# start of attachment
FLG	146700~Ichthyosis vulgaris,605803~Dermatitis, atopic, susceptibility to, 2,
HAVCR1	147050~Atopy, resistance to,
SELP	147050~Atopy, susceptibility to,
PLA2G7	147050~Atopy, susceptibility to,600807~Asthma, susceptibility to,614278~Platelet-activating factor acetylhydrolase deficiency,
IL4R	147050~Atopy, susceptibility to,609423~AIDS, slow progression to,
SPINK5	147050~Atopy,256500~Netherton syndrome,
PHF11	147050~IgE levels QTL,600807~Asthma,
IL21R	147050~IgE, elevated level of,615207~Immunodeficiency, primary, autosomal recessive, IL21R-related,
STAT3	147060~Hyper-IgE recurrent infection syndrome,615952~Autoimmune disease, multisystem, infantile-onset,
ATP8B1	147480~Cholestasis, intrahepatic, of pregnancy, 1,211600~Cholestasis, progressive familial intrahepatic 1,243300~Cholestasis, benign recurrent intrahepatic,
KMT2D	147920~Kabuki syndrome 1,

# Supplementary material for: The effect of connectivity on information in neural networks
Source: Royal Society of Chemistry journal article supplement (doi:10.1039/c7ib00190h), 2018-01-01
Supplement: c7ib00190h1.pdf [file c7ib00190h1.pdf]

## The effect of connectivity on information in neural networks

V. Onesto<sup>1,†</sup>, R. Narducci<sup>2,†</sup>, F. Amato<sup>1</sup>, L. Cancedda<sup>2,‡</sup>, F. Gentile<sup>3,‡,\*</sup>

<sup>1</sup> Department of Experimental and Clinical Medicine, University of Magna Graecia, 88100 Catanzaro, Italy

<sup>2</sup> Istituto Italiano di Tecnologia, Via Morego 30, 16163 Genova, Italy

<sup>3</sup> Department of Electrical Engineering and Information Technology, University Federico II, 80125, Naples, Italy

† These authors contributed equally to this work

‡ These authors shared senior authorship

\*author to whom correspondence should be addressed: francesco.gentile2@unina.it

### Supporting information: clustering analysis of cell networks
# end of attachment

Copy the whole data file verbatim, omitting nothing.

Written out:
FLG	146700~Ichthyosis vulgaris,605803~Dermatitis, atopic, susceptibility to, 2,
HAVCR1	147050~Atopy, resistance to,
SELP	147050~Atopy, susceptibility to,
PLA2G7	147050~Atopy, susceptibility to,600807~Asthma, susceptibility to,614278~Platelet-activating factor acetylhydrolase deficiency,
IL4R	147050~Atopy, susceptibility to,609423~AIDS, slow progression to,
SPINK5	147050~Atopy,256500~Netherton syndrome,
PHF11	147050~IgE levels QTL,600807~Asthma,
IL21R	147050~IgE, elevated level of,615207~Immunodeficiency, primary, autosomal recessive, IL21R-related,
STAT3	147060~Hyper-IgE recurrent infection syndrome,615952~Autoimmune disease, multisystem, infantile-onset,
ATP8B1	147480~Cholestasis, intrahepatic, of pregnancy, 1,211600~Cholestasis, progressive familial intrahepatic 1,243300~Cholestasis, benign recurrent intrahepatic,
KMT2D	147920~Kabuki syndrome 1,

# Supplementary material for: The effect of connectivity on information in neural networks
Source: Royal Society of Chemistry journal article supplement (doi:10.1039/c7ib00190h), 2018-01-01
Supplement: c7ib00190h1.pdf [file c7ib00190h1.pdf]

## The effect of connectivity on information in neural networks

V. Onesto<sup>1,†</sup>, R. Narducci<sup>2,†</sup>, F. Amato<sup>1</sup>, L. Cancedda<sup>2,‡</sup>, F. Gentile<sup>3,‡,\*</sup>

<sup>1</sup> Department of Experimental and Clinical Medicine, University of Magna Graecia, 88100 Catanzaro, Italy

<sup>2</sup> Istituto Italiano di Tecnologia, Via Morego 30, 16163 Genova, Italy

<sup>3</sup> Department of Electrical Engineering and Information Technology, University Federico II, 80125, Naples, Italy

† These authors contributed equally to this work

‡ These authors shared senior authorship

\*author to whom correspondence should be addressed: francesco.gentile2@unina.it

### Supporting information: clustering analysis of cell networks